5 Sketch differences
When viewing a thesaurus entry, one repeatedly wonders “what makes those words so similar?”, or indeed, “how do those words differ?” We are in a position to answer this question well. The similarity was based on the ‘shared triples’ (as beer and wine “share” the triple <obj, drink, ?>. What two words have in common are the shared triples that have high salience for both words. The difference between two near-synonyms can be identified as the triples which have high salience for one word, but no occurrences (or low salience) for the other. In the same way that we produced a one page summary as a word sketch, here we can produce a one page summary as a sketch difference.
A pair of near-synonyms we explored using the first prototype sketch difference engine were English adjectives clever and intelligent, see Table 3. The contrast between the words was immediately apparent. Whereas to call someone intelligent is straightforwardly complimentary, if we call them clever, we may well be implying they are a “clever dick” or “too clever for their own good”. Clever, but not intelligent, is often found conjoined with cunning or preceded by bloody, or modifying swine or bastard.
Table 3: Sketch difference for clever (adj) and intelligent (adj)
We also observe a phenomenon which has been striking in all our thesaurus work: long words tend to go with long words, and short ones with short. Intelligent appears to be at home in text types with many long words, whereas clever is to be found in less formal genres, amongst shorter words.
We believe the sketch differences provide useful summaries for researchers interested in how pairs of near-synonyms differ.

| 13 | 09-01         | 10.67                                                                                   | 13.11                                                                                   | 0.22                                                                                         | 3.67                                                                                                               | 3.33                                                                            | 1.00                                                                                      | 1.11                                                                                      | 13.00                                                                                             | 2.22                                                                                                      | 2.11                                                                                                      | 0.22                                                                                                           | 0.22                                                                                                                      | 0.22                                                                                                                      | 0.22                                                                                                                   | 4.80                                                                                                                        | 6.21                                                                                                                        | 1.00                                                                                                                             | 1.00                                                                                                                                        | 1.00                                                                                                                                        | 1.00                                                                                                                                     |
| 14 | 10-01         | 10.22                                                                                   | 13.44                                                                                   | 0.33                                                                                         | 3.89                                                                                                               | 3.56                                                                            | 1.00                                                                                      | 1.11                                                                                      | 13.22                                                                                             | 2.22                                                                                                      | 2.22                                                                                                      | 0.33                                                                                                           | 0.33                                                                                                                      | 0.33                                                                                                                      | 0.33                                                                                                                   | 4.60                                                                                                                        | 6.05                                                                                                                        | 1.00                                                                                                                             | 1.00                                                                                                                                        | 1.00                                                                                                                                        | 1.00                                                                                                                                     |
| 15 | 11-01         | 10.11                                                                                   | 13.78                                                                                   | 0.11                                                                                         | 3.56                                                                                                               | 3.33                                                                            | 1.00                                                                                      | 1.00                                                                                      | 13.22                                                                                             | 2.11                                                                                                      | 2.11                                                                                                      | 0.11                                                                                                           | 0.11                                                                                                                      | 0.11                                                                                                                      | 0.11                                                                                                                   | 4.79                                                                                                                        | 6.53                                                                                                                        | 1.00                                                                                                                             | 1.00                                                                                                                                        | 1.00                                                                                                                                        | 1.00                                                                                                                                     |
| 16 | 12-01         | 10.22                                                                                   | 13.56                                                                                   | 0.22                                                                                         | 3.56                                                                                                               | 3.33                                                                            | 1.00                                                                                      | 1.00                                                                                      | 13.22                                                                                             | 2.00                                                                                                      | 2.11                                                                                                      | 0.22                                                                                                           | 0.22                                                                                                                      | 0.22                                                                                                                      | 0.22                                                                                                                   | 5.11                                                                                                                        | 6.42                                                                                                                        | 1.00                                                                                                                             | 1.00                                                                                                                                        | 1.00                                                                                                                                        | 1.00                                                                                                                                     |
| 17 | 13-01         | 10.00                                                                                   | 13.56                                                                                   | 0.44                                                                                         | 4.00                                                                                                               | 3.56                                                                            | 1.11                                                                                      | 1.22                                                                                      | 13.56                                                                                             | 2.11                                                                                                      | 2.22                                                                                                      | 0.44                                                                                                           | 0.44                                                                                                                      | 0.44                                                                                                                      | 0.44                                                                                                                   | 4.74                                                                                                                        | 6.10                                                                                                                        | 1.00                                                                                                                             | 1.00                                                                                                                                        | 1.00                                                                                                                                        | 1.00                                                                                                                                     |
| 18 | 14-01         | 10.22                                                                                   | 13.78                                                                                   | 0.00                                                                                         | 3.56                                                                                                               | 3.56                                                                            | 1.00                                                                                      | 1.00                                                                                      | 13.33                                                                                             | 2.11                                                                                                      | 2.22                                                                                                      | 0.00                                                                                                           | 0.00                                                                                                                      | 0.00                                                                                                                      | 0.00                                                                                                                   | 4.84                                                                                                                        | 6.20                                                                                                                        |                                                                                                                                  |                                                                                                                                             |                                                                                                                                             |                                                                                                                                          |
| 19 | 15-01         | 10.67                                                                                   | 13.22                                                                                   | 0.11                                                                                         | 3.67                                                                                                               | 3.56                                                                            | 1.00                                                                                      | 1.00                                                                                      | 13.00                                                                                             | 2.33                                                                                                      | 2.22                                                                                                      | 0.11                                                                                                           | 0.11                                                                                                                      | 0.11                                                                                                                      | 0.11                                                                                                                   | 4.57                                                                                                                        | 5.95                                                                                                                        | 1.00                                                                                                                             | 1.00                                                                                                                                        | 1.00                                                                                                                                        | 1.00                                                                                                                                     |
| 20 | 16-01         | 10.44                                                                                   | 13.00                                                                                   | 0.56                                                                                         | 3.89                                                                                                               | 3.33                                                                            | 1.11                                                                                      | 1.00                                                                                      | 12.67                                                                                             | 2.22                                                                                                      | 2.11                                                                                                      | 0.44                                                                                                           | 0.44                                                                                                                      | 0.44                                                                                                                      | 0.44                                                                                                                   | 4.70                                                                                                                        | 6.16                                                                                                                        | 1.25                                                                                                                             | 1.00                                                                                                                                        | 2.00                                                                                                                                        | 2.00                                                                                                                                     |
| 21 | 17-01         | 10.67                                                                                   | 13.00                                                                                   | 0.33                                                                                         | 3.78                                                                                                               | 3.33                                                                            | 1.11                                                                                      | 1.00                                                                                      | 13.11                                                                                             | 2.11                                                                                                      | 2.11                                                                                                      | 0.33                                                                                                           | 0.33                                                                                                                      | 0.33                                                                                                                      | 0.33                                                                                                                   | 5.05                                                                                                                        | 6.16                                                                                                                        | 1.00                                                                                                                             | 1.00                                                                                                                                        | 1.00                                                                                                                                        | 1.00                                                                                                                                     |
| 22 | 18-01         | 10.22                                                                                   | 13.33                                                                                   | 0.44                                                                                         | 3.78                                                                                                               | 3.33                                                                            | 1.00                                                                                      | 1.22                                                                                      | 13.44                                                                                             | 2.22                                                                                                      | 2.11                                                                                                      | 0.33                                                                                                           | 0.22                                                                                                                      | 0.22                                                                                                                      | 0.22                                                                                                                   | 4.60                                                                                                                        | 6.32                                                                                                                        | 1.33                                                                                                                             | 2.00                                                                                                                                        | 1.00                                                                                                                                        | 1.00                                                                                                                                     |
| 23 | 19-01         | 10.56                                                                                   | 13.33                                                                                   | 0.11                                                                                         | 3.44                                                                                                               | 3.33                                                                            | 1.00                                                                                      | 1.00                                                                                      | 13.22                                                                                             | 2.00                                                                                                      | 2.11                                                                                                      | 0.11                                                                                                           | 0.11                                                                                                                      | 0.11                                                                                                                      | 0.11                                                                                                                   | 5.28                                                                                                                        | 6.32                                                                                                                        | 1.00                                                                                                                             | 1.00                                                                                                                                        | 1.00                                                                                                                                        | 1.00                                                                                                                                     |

Evaluation of Czech word sketches
The goal for the Czech word sketches was to explore whether it might be possible to substitute standard lexicographic corpus searching by examining only the sketches. We randomly chose 50 words and compared automatically generated sketches with the information given by the biggest two Czech dictionaries (Slovník spisovné ceštiny and Spisovném slovníku jazyka ceského).
Only eight entries contained data that could not be worked directly from the generated sketches. (Idioms in the dictionary were excluded from our comparison here). Moreover, all these cases were generalizations of basic senses that could not be found easily in the corpus and that would probably be missed even with detailed corpus searching. We believe that such results justify future Czech lexicographic projects based on word sketches for the description of the core of the language.
7 Availability, web services
The Sketch Engine is available as a commercial product. It is implemented in C++ and Python. It is designed for use over the web, with a server holding the data and queries issued to the server from a web browser, and with the browser presenting query results. At the time of writing, corpora of Czech, Irish and English have been loaded into the Sketch Engine. The authors are willing to host clients’ corpora on their specialist server, and to work with clients on the data preparation.
8 Future plans
1. The software does not yet properly support lexicographic research into multi-word items. When investigating, for example, English phrasal verbs, one would like to explore the grammatical relations and collocations that the phrasal unit entered into. Currently, this is supported only indirectly and minimally. We plan to allow a user to explore a multi-word item (provided it is captured as a grammatical relation triple) as follows. Let us take the English phrasal verb make up and assume it is captured as the triple <following-prep, make, up>.
The lexicographer first calls up the word sketch for make and finds up amongst the collocates in the following-prep list. They select that preposition and request a word sketch for the triple. The sketch engine then identifies all instances of make and up occurring in <following-prep, make, up>, finds what other grammatical relations those instances participate in, and summarises them in a new ‘multiword sketch’.
2. The sketch difference currently contrasts two related words. A comparable task is to look at the same word, in different sets of texts, for example contrasting the use of a word in texts from one era and another, or in written and spoken texts, or in ‘original’ texts and in translations. We plan to extend sketch difference functionality to make comparisons based on different subcorpora possible.